In addition to their German prisoner, the crew of the lifeboat have to contend with the loss of their food, water, and supplies, no navigational tools, Gus’ leg turning gangrenous, and a vicious storm.  Amid the depiction of conflict and deprivation in a close space, there are still many moments of humanity and even humor.  For example, there’s a running gag of Connie inadvertently losing her prized possessions to the sea. The final scenes of the movie are set among a stunning reenactment of a battle at sea and is suitably terrifying.

This is an excellent movie and I’m glad I saw it on the big screen.  Hitchcock’s direction is terrific and Bankhead, Lee, and Slezak in particular put in great performances in a strong cast.  It’s also interesting to note that the screenplay is by John Steinbeck, his first fictional work created for film.  Take the opportunity to see this movie if it plays at your local arthouse cinema.

Rating: *****

Book Review: Skeletons at the Feast by Chris Bohjalian


Author: Chris Bohjalian
Title: Skeletons at the Feast
Publication Info: Books on Tape, 2008
ISBN: 9781415948910

Summary/Review:

The William & Mary Alumni Boston Chapter selected this novel set in German-occupied Poland at the end of the Second World War.  It tells the story of three different journeys that intertwine and complement one another.  First there is the Emmerich family, prosperous German farmers in East Prussia with the elderly father and eldest sons off fighting, the women and children flee west to safety from the Russian army taking with them a Scottish POW.  Then there is Uri, a Jew who escaped from the prison trains and has spent two years taking on the uniforms and identities of various German officers both for survival and sabotage.  Finally there is Cecille, a French Jewish woman forced with her fellow prisoners on a death march (although this is the least well-realized of the three storylines).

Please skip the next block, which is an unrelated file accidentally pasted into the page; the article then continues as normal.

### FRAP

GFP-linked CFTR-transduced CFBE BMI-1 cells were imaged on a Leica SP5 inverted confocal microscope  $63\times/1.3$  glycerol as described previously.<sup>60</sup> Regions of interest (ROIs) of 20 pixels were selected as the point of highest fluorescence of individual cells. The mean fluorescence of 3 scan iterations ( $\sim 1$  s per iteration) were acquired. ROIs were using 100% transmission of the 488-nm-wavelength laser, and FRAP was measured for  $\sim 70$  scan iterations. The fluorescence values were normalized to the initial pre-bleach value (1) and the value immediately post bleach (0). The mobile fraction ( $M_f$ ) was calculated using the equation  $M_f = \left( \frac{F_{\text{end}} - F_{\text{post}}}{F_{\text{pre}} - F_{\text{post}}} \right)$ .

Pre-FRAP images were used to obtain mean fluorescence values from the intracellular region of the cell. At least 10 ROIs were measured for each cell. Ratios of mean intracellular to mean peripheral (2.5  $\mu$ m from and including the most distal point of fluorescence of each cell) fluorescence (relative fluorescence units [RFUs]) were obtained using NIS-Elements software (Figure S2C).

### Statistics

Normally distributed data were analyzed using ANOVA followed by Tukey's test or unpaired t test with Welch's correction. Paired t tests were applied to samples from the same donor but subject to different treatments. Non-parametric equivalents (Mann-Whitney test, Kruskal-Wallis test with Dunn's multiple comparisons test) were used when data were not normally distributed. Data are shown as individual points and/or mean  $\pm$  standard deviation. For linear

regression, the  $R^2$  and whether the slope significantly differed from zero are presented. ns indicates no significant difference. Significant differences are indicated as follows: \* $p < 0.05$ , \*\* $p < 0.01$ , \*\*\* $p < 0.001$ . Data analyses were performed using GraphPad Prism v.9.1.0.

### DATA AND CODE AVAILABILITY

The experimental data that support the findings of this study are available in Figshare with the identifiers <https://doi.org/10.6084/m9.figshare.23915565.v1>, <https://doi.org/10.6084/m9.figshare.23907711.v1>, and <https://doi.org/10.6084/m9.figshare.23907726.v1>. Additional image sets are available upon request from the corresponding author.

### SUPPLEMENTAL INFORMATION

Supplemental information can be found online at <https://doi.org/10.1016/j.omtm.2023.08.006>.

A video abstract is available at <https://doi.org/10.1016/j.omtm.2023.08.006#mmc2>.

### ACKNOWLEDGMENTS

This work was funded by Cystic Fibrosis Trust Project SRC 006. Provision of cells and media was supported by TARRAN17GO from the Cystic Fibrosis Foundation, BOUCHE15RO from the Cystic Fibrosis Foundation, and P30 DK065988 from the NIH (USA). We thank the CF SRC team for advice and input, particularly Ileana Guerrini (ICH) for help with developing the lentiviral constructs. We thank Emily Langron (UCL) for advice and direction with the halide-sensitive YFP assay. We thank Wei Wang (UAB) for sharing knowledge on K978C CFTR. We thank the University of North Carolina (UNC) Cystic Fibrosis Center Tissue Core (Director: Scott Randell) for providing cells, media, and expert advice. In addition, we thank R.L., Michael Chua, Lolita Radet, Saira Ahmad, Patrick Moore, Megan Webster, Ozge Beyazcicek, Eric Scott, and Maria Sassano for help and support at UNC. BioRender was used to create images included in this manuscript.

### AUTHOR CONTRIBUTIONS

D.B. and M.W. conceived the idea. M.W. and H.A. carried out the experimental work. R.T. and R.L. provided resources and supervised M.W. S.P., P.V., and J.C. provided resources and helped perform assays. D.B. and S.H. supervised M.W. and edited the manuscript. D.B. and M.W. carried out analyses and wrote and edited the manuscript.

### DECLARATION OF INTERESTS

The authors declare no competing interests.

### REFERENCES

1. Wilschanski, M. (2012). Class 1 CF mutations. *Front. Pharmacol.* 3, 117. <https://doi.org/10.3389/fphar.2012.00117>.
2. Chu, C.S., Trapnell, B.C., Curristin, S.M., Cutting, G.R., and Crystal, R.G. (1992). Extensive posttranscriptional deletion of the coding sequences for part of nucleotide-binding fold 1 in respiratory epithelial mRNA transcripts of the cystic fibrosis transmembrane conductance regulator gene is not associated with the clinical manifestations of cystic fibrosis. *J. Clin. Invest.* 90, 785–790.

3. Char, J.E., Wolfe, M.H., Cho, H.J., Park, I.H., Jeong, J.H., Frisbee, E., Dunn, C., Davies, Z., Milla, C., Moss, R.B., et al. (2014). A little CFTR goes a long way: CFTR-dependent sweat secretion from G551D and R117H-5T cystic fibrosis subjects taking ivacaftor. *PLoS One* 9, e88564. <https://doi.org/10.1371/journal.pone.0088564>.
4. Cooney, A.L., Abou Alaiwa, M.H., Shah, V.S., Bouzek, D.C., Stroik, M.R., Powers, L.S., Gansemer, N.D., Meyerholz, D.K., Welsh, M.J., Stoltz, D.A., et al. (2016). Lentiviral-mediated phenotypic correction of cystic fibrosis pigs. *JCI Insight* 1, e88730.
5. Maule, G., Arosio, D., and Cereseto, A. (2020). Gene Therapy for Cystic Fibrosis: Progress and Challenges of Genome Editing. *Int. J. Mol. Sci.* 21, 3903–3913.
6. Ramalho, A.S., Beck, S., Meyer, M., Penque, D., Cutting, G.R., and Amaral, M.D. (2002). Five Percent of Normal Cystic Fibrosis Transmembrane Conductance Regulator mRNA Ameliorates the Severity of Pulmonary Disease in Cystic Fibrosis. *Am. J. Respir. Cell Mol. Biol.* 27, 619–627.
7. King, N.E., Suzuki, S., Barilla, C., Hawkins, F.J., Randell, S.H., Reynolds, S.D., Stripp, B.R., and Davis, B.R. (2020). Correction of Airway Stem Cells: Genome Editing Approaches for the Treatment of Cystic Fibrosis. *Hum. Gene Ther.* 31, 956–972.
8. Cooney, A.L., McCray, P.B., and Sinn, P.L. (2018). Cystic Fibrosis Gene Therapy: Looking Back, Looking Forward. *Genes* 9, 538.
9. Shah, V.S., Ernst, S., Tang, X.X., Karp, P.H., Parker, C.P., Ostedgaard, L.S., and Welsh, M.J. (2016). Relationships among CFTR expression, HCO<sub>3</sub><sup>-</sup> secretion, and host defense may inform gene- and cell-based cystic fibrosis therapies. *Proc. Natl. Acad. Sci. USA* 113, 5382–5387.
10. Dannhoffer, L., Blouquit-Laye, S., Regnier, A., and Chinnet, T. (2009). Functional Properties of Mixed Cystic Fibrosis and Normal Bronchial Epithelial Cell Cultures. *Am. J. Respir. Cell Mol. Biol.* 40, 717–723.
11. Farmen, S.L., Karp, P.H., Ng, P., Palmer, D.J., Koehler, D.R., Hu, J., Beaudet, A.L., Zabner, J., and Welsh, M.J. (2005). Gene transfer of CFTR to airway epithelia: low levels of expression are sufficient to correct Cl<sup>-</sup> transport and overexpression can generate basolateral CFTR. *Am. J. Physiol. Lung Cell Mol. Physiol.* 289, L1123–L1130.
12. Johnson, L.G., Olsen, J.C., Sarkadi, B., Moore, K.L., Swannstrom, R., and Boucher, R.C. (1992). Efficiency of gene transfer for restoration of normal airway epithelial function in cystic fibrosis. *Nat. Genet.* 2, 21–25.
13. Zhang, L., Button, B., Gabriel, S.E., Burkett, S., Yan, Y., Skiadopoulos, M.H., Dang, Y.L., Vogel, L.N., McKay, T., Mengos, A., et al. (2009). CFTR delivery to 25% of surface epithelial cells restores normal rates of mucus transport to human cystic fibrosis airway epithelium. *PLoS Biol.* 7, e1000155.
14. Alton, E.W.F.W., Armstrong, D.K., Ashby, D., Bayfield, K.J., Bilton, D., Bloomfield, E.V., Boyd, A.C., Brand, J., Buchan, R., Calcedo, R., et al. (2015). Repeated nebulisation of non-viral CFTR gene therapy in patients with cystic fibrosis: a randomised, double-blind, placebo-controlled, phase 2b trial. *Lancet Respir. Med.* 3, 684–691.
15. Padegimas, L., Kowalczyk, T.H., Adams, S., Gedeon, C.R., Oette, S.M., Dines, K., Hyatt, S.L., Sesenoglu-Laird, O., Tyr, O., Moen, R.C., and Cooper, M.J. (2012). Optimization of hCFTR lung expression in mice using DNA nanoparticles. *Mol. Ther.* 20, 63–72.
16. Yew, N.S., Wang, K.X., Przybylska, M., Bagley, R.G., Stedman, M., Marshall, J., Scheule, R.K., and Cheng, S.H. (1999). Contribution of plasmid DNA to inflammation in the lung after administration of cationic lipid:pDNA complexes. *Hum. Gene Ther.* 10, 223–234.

Bohjalian does not shrink from the details of all that was horrible about the war and the Holocaust.  Yet, in the end this is a book about hope.  After tearing us down, Bohjalian builds us back up with the romance of 18-year old Anna Emmerich and the Scottish airman Callum, the persistence of Cecille, the bravery of Uri and many small, kind acts.  The one thing I wish the author had not done was to distance the Emmerich’s so much from Nazism.  It seems a cop-out that many authors/filmmakers fall on is the “good German” instead of trying to find humanity or promise of redemption in those who adhered to this evil ideology.

All in all a gripping and well-written novel.

Recommended books: Sophie’s Choice by William Styron, The Welsh Girl by Peter Ho Davies
Rating: ***1/2